I had a little epiphany during my annual spring drive to improve my golf game. Understand that improving my current handicap should not be a great challenge, but I like to think that starting early will result in some seriously lower scores for those two or three rounds of golf I will actually get around to playing each year. In any case I decided I should focus on putting – after all it’s the club I use most often in the course of a round, so…
I’m always suggesting to our clients that when they are having a recurring problem it helps to consider a few other points of view before beginning to formulate solutions. So here’s what I did…
First I gathered a little data. I began to notice that an unusually high percentage of my missed putts passed to the right of the cup. Failing to follow my own advice, I immediately jumped to solution without bothering to seek any other perspective or best practice counsel. I decided that I must either be swinging wrong or failing to grip the club with the face pointing at the intended target. Wrong!
After wasting a couple of hours trying those solutions unsuccessfully, I noticed that the guys on the big money tour look at the putt from more than one angle before deciding how to address it. They get at least two perspectives before making what could be an extremely high dollar decision. Then they ask their caddy – a third perspective. Only then do they putt the ball.
So I decided to try the multiple perspective approach and sure enough I found that when I walked past the cup and looked back at the putt, the alternative perspective gave me data I had missed by only looking at it one way. But I still kept missing my putts to the right until one of my playing partners asked me a key question.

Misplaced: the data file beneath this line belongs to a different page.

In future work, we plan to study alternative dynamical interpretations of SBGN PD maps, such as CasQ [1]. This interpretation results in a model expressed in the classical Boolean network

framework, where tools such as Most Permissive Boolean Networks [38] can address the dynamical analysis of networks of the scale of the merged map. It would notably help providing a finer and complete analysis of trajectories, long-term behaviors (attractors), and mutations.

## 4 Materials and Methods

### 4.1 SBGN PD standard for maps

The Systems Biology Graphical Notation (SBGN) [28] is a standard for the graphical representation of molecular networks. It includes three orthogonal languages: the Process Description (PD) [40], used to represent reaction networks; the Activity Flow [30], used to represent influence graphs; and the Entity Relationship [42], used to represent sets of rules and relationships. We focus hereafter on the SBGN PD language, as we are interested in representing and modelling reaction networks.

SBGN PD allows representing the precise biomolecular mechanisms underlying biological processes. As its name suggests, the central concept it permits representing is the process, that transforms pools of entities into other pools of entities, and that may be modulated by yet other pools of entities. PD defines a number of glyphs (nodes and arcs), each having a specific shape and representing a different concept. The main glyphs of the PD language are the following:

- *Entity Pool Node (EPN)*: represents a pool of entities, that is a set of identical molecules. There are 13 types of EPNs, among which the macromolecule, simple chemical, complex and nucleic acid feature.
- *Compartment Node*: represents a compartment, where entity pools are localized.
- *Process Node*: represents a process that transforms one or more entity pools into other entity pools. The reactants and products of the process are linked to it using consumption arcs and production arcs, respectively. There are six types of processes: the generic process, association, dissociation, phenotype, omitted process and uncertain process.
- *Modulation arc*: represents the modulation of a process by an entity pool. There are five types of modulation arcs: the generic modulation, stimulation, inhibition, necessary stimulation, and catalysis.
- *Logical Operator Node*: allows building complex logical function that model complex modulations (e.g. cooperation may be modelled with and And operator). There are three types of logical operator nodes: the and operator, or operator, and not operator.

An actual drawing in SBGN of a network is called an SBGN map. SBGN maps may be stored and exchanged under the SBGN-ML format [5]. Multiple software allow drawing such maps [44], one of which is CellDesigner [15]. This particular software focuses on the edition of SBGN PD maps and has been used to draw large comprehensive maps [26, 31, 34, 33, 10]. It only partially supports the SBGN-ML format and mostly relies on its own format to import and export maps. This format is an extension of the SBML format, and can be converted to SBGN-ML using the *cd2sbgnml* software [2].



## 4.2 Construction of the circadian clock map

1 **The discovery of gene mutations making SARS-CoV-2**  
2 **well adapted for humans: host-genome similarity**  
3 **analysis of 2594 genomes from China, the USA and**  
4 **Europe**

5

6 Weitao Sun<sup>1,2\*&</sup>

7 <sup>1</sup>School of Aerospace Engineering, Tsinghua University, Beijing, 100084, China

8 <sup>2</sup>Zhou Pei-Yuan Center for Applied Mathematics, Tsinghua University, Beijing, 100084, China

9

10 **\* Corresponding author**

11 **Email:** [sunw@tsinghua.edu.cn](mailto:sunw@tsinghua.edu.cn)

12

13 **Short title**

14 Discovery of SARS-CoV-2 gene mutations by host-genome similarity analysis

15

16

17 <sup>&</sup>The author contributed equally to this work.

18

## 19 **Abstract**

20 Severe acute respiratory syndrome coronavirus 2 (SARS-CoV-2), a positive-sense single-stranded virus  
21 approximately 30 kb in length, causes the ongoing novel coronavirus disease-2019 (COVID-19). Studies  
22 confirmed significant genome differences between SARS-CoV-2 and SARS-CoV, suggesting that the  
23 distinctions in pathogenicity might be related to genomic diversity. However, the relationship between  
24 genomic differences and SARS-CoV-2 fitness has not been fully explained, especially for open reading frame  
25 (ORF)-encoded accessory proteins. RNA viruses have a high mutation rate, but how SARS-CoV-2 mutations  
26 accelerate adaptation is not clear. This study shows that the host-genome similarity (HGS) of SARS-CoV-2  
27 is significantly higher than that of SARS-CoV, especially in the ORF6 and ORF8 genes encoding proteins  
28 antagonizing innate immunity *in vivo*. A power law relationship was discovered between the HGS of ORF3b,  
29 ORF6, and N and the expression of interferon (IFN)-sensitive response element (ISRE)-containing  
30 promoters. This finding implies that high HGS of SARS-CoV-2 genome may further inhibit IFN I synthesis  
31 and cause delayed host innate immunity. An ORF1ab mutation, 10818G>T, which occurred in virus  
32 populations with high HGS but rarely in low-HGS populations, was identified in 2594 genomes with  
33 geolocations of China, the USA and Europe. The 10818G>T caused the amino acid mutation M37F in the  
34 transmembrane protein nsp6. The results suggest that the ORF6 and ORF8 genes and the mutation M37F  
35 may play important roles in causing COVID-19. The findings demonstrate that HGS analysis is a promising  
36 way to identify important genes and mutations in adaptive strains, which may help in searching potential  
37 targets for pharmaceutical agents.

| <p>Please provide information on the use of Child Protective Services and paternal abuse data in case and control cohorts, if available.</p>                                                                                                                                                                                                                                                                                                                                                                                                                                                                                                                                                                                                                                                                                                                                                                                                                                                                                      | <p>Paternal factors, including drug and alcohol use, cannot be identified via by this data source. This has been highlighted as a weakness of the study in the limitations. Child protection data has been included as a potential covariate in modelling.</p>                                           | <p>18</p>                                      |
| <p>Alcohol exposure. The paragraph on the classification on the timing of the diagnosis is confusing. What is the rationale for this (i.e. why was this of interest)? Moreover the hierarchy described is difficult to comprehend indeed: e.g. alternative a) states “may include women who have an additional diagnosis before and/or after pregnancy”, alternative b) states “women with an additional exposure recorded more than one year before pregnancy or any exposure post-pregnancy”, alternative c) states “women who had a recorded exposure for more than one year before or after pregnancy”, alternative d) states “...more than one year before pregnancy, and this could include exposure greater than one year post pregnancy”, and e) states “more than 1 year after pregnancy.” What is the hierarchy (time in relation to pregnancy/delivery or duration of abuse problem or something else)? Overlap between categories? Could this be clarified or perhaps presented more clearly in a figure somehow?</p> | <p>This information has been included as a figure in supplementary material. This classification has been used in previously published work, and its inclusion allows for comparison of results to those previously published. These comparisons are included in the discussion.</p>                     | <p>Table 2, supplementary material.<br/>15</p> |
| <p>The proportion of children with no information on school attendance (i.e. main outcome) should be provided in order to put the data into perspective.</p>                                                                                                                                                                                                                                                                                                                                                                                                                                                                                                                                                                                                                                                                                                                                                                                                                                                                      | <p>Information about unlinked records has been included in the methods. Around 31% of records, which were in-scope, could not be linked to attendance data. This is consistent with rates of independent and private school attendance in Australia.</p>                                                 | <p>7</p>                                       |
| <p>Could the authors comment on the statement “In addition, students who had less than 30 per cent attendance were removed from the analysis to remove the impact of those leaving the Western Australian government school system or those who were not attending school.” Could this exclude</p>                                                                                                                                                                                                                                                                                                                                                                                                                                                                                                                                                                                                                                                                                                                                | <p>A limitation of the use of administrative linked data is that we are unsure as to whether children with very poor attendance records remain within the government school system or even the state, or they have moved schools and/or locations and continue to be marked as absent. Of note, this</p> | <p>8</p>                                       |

After watching me struggle, Jon remarked, “I notice you are doing a great job of carefully lining up the putt better than you have in the past but, at the last minute you take one more peek and then turn your clubface slightly open. Why is that?”
The answer was simple physics and a last minute failure to value all of the perspectives. When lining up the putt, I was getting multiple perspectives and using two eyes. When standing over the ball, I would take my last glance and using one perspective and one eye make a less informed last minute correction.
Golf is a hard game, but compared to being a union or management leader in the current business climate, it’s a walk in the park. Most leaders recognize that to make better decisions, they must be willing to get multiple perspectives. However, when faced with economic pressures that threaten to erode decades of hard earned market share, it is very tempting to ignore alternative perspectives and “step up and make the hard decisions they are paying me for”.
In our practice we strongly encourage our union and management clients to regularly dialog about what’s important in their world. Management retains their “rights” and the union leaders remain obligated to “represent”; but often when they have honest discussion about key issues, they come away from the conversation enlightened about why their past attempts to solve the problem were singularly unsuccessful.
Like me hovering over the putt at the last minute, both parties find it difficult at first to hold onto the perspectives other than their own while making their final decision. But when they do, they are rewarded with something better than a low score – they find they have a partner who is also invested in a successful outcome.
So what’s your story? Have you witnessed the dangers of ignoring alternative perspectives?
Partner - Overland Resource Group